Step-by-Step Guide to Making Chinese Scallion Flower Rolls
Chinese Hua Juan, often referred to as flower rolls (or known as scallion buns in English), offer a delightful surprise in their delectable taste, despite the simplicity of this recipe.
- For the dough:
3/4 cup lukewarm water (slightly less than a full 3/4 cup)
1 teaspoon active dry yeast
1 tablespoon sugar
2 cups all-purpose flour
1 teaspoon baking powder
1/4 teaspoon salt
- For assembling the Hua Juan:
1/2 teaspoon five spice powder
1/2 teaspoon salt
2 tablespoons neutral oil (plus additional for browning the buns)
2 scallions (thoroughly washed, dried, and finely chopped; approximately 1/2 cup from 2 medium scallions)
- In a liquid measuring cup, mix together the water, yeast, and sugar. Stir and allow the mixture to sit at room temperature for 15 to 20 minutes until it becomes foamy. (This may take longer in colder temperatures).
- In the bowl of a stand mixer equipped with the dough hook attachment, add the flour, baking powder, and ¼ teaspoon of salt. Start the mixer on low to blend the dry ingredients, then gradually pour in the water. Once the dough forms, let the mixer knead it for 20 minutes. It might appear sticky initially, but the flour will absorb the water during kneading, resulting in a smooth dough that doesn’t stick to the sides of the bowl. (If you don’t have a stand mixer, you can start by stirring the water into the dry ingredients using a wooden spoon or rubber spatula, and then knead by hand.)
- After 20 minutes, if the dough is still too sticky and doesn’t cleanly detach from the bowl, add a bit more flour, one tablespoon at a time. You may require up to 2 tablespoons, but not much more than that. Allow the flour to incorporate, and then transfer the dough to a clean work surface.
- Meanwhile, blend the five-spice powder and salt in a small bowl. Prepare a bamboo steamer (you’ll need two layers) by lining it with a round piece of perforated parchment paper or damp cheesecloth. Set it aside.
- You’ll know the dough is ready if you can roll it out without needing to flour your work surface. Roll the dough into a large rectangle, roughly 9×18 inches (20×45 cm).
- Coat the entire dough surface with a thin layer of oil. Sprinkle the five-spice mixture evenly over the dough, followed by all of the chopped scallions.
- Fold the dough one-third lengthwise. Brush the clean side of the dough with a thin layer of oil, then fold the opposite side over it. Cut the dough in half and then into halves again until you have 16 strips of folded dough.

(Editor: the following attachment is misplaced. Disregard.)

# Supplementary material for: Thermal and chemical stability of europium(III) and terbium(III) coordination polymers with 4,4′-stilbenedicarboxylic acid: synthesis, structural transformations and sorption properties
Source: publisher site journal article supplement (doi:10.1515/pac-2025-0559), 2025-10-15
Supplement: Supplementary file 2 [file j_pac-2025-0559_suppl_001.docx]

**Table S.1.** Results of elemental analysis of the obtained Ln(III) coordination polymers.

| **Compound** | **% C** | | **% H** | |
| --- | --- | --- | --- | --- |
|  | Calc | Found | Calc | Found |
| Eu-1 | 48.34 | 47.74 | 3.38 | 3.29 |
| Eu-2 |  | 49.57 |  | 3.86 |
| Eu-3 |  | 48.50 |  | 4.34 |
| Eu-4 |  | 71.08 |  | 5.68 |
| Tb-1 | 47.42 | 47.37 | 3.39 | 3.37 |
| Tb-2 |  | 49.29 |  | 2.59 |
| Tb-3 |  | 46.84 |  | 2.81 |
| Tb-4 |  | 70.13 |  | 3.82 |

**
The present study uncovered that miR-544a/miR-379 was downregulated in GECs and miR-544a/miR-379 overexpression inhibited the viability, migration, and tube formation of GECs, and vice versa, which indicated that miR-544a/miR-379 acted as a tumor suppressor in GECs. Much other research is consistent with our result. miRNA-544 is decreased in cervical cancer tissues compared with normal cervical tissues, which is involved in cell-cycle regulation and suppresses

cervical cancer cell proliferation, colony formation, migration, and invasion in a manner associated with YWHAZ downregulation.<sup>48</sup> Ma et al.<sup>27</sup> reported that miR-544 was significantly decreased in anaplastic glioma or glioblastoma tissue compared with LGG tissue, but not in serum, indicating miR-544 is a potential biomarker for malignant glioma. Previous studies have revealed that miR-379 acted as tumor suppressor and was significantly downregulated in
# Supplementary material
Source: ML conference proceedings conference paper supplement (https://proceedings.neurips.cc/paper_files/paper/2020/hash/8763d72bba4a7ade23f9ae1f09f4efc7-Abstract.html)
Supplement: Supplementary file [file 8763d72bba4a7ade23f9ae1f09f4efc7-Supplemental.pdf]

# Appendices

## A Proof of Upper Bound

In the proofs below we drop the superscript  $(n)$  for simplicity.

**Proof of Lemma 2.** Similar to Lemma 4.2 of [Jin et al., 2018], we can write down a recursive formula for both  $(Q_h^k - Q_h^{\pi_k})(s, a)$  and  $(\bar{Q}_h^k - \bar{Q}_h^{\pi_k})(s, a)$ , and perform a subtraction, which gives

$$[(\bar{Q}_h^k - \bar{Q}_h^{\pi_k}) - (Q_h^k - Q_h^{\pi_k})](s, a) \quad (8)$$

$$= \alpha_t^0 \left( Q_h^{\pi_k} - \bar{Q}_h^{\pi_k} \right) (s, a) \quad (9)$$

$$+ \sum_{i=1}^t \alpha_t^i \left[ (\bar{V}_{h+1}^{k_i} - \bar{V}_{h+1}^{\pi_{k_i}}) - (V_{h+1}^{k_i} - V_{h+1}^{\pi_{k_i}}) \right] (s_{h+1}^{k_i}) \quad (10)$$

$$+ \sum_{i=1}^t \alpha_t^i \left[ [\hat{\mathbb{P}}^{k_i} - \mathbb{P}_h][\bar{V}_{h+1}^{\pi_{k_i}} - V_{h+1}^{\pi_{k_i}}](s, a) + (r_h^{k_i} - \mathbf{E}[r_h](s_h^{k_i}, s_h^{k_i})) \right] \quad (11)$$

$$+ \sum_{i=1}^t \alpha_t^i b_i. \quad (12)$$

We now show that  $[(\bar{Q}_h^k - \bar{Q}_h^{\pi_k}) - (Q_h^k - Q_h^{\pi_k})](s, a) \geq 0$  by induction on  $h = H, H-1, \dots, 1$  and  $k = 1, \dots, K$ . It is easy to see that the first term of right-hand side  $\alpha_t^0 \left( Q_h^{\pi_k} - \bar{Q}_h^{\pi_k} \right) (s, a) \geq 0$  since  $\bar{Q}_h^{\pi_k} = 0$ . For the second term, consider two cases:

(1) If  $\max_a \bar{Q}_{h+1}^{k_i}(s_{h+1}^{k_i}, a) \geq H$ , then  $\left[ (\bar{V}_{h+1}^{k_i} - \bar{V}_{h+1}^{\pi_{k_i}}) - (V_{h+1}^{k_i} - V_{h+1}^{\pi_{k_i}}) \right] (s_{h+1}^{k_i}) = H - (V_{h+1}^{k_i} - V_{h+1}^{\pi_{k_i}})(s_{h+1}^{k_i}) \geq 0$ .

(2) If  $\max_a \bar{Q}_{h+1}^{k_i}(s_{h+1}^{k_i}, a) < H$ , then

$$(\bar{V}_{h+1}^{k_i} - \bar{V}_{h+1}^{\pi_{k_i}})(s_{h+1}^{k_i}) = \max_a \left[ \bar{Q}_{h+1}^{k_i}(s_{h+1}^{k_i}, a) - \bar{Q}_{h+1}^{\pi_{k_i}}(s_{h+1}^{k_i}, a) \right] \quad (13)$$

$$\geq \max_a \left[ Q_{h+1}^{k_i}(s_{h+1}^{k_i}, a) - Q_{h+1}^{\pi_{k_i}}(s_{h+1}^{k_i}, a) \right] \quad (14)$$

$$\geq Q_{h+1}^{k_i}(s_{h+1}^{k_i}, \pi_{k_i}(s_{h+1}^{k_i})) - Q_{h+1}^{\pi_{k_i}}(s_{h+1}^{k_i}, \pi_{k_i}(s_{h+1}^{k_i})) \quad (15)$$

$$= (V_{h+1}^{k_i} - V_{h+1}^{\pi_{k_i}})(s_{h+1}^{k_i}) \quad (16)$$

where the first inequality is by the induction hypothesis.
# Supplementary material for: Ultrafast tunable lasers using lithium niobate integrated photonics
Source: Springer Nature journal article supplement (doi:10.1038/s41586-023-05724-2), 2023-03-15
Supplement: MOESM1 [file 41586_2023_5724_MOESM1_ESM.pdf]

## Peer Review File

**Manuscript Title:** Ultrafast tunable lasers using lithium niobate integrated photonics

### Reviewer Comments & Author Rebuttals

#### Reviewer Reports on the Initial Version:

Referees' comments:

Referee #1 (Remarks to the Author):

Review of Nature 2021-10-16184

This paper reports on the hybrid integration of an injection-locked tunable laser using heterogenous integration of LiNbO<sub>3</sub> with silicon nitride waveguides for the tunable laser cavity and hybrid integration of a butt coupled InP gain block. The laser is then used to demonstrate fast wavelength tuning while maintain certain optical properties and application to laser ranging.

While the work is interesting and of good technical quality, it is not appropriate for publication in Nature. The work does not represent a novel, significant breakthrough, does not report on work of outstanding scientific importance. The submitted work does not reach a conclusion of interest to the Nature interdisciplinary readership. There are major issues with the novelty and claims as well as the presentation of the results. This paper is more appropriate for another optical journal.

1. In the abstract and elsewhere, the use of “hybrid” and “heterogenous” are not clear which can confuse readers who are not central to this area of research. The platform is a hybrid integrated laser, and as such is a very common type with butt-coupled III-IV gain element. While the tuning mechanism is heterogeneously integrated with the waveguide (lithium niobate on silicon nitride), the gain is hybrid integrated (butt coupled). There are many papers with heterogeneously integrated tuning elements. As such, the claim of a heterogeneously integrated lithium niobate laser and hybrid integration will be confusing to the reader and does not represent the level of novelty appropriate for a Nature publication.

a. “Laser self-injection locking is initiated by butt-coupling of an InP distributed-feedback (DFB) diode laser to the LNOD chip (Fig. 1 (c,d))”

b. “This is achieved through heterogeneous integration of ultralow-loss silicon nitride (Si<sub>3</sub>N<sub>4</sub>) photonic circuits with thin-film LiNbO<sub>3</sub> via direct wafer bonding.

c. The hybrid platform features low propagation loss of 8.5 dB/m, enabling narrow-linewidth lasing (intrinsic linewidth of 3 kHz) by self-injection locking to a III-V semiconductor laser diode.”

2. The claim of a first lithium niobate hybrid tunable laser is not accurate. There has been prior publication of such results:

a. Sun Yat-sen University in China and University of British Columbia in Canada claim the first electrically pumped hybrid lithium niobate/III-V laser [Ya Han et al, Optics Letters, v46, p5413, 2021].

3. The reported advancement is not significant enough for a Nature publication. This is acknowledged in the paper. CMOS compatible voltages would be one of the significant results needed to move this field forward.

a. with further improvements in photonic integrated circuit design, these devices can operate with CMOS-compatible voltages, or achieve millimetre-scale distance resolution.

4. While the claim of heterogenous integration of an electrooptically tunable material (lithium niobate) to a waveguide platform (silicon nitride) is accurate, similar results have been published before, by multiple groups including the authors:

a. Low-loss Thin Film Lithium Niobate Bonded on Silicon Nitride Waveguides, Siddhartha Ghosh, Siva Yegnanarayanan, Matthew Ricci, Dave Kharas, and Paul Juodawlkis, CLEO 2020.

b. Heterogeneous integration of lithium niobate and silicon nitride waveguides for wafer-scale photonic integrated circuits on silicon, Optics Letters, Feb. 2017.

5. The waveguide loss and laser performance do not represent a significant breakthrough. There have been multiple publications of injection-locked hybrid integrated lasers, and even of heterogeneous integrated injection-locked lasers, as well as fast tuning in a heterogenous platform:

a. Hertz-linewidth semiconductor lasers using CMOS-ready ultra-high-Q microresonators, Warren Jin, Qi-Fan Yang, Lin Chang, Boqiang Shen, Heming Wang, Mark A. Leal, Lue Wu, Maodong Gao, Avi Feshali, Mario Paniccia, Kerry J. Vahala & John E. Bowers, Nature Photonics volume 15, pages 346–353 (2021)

- To shape the buns, take one strip of dough, brush the top with a little oil, and place another strip of dough on top. Use a chopstick to make an indentation along the length of the strips. Hold both ends of the dough, one in each hand, and gently stretch and twist it a few times. Then, tie it into a loose knot to create a round bun shape.
- Repeat this process with the remaining dough until you have 8 buns. Arrange 4 buns on each level of your steamer, cover, and allow them to proof in a warm place for 30 minutes.
- When you’re ready to steam the buns, fill your wok with water and place the steamer inside (the water should not go higher than ½-inch up the sides of the bamboo steamer). Heat the wok over medium-high heat and set a timer for 15 minutes. Around the 10-minute mark, you should see steam rising around the bamboo lid. Once 15 minutes have passed, turn off the heat, and leave the lid ON the buns for 10 minutes. (If you lift the lid immediately, the buns may collapse).
- You can enjoy these steamed buns as they are, or you can pan-fry them first. To pan-fry the hua juan, heat a nonstick or cast-iron skillet with a generous amount of oil and add the steamed hua juan to the pan. Once they become golden and crispy on the bottom, remove them from the pan and enjoy!
- If you don’t have a bamboo steamer, you can pan-fry and steam these buns in a nonstick or cast-iron pan. Place the buns in a preheated and oiled skillet over medium-high heat. Once the bottoms of the buns are lightly browned, add 2/3 cup of water, cover the skillet tightly, and allow the buns to steam until the water evaporates. Then, remove the lid and continue cooking the buns until they become crispy. Serve
Chinese Hua Juan, also known as flower rolls, are both visually stunning and incredibly flavorful. These steamed scallion buns, which can also be pan-fried to achieve a delightful crispy texture, are a delightful culinary experience. Their remarkable taste is achieved through a harmonious blend of basic ingredients, including salt, five spice powder, and an abundance of fresh scallions. Despite their simplicity, Hua Juan stands as a testament to the rich flavors that can be achieved in Chinese cuisine.